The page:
Roundup of culvert case coverage

The always great Turtle Talk blog has links to all the appropriate legal documents.

The Kitsap Sun, “Ruling gives state 17 years to fix culverts that block salmon“:

The ruling, issued Friday by U.S. District Judge Ricardo Martinez of Seattle, is expected to accelerate the replacement of about 1,000 culverts managed by the Washington Department of Transportation and other state agencies.

Lars Erickson, spokesman for the transportation agency, said agency staffers must review the 35-page decision and seven-page injunction to see how it will affect his agency’s budget and ongoing plans for highway construction.

Previously, the transportation department estimated that the cost of fixing all the problem culverts in Western Washington at about $1.9 billion. As a practice, the department has been replacing culverts as state highways are widened or upgraded. In addition, a stand-alone program to fix other culverts grew from $7.8 million in 2001 to $23 million in 2011, but there has never been a firm target date for fixing all the culverts.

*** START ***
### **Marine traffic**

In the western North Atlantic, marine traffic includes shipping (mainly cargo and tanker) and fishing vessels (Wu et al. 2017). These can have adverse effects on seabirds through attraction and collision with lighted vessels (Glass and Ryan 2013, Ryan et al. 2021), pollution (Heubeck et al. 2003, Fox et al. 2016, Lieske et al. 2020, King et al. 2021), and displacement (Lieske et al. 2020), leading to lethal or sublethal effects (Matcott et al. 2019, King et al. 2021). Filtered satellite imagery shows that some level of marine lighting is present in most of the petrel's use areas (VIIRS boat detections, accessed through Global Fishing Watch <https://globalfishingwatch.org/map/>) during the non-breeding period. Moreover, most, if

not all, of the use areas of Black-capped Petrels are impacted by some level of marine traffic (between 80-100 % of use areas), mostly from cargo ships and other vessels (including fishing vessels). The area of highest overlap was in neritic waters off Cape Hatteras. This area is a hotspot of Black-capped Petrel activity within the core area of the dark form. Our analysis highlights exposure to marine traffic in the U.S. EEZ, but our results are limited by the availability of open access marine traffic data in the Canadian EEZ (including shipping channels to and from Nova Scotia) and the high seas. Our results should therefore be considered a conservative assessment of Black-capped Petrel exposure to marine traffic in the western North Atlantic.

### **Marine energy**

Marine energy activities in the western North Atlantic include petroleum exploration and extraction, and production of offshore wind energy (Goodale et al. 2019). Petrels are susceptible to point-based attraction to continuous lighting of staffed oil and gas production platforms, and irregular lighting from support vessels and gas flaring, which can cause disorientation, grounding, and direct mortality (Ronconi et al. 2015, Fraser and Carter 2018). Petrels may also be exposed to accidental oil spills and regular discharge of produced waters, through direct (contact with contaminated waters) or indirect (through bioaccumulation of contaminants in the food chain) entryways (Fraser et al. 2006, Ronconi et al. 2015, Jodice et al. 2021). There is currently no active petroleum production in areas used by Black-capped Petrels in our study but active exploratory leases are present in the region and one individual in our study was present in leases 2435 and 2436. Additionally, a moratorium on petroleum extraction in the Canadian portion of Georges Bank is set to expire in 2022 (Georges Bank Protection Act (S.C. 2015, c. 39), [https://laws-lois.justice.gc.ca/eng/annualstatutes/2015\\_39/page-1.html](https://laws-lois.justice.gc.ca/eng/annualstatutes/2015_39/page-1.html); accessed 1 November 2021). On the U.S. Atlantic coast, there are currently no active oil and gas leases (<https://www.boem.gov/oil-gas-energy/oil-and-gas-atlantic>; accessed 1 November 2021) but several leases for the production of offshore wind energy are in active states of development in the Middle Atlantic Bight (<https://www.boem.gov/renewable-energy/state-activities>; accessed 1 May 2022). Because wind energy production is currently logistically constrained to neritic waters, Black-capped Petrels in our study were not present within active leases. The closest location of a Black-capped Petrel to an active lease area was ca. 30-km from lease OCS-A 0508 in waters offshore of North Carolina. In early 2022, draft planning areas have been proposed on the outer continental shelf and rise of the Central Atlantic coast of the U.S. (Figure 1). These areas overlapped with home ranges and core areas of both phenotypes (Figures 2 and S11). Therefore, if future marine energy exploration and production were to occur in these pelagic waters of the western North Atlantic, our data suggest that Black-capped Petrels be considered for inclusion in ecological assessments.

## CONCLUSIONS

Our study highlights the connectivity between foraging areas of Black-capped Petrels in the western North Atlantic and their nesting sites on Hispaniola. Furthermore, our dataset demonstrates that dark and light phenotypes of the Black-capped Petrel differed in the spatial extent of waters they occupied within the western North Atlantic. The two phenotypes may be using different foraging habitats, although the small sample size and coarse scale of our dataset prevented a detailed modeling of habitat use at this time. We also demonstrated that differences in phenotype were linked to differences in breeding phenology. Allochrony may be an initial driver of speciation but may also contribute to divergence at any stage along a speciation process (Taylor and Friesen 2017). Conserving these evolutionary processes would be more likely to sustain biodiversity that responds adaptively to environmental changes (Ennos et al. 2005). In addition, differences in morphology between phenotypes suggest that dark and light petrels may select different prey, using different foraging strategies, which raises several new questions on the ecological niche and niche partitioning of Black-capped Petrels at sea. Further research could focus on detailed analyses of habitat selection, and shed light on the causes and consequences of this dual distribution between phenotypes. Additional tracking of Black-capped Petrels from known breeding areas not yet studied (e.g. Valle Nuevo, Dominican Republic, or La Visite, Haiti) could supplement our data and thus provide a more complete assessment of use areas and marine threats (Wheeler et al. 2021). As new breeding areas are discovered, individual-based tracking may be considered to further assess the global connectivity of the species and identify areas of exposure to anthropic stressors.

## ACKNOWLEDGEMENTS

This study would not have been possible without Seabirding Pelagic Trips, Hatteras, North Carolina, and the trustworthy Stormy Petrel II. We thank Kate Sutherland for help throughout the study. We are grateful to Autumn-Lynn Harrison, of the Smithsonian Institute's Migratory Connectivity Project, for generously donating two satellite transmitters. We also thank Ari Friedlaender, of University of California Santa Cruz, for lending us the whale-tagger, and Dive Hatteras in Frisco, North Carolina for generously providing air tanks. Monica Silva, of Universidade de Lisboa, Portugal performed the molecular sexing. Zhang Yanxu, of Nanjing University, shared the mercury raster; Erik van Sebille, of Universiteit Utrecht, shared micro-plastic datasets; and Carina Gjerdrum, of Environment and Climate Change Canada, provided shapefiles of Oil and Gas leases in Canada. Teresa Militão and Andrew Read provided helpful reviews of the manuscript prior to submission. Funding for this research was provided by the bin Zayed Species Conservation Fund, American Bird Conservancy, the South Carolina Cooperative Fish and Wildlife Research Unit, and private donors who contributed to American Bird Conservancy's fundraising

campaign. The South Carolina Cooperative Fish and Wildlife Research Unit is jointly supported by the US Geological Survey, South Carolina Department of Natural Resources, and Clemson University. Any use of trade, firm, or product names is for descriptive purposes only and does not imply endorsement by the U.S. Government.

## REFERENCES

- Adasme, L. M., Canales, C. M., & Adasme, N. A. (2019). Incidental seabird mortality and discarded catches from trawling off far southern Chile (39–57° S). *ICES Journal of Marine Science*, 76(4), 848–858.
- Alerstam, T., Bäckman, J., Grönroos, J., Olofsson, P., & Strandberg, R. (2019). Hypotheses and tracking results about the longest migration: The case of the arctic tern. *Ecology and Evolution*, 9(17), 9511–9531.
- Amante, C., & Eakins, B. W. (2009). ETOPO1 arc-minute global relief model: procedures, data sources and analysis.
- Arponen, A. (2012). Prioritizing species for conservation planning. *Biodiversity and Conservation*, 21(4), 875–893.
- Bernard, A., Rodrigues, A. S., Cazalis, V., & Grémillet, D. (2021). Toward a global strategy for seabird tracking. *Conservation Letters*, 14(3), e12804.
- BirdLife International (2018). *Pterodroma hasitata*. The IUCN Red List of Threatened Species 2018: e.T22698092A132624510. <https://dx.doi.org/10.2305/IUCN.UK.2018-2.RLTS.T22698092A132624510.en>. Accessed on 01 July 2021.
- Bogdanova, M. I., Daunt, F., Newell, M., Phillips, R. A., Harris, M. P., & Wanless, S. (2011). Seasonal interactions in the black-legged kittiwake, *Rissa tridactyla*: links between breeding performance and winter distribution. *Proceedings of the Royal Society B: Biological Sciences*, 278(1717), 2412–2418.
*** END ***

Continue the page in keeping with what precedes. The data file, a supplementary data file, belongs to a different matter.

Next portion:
The new ruling grew out of a lawsuit brought by 21 Western Washington tribes. The case is an offshoot of the landmark 1974 Boldt decision, which determined that treaties signed in the 1850s guarantee tribal members the right to take half the harvestable salmon in Washington waters.

“The tribes have demonstrated … that they have suffered irreparable injury in that their treaty-based right of taking fish has been impermissibly infringed,” Martinez wrote in his latest ruling. “This injury is ongoing, as efforts by the state to correct the barrier culverts have been insufficient.”

The Seattle Times, “Tribes’ court win may flow beyond culvert repairs to protect fish“:

“This culvert case is a ringing of the bell, OK you got to wake up,” said Ron Allen, chairman of the Jamestown S’Klallam Tribe. “We have to protect and restore the environment while we continue to look creatively for ways to develop new job and industry opportunities.”

Martinez ordered the state departments of fish and wildlife, parks, transportation, and natural resources to accelerate work to remove, replace and repair about 1,000 culverts to help restore salmon runs within 17 years.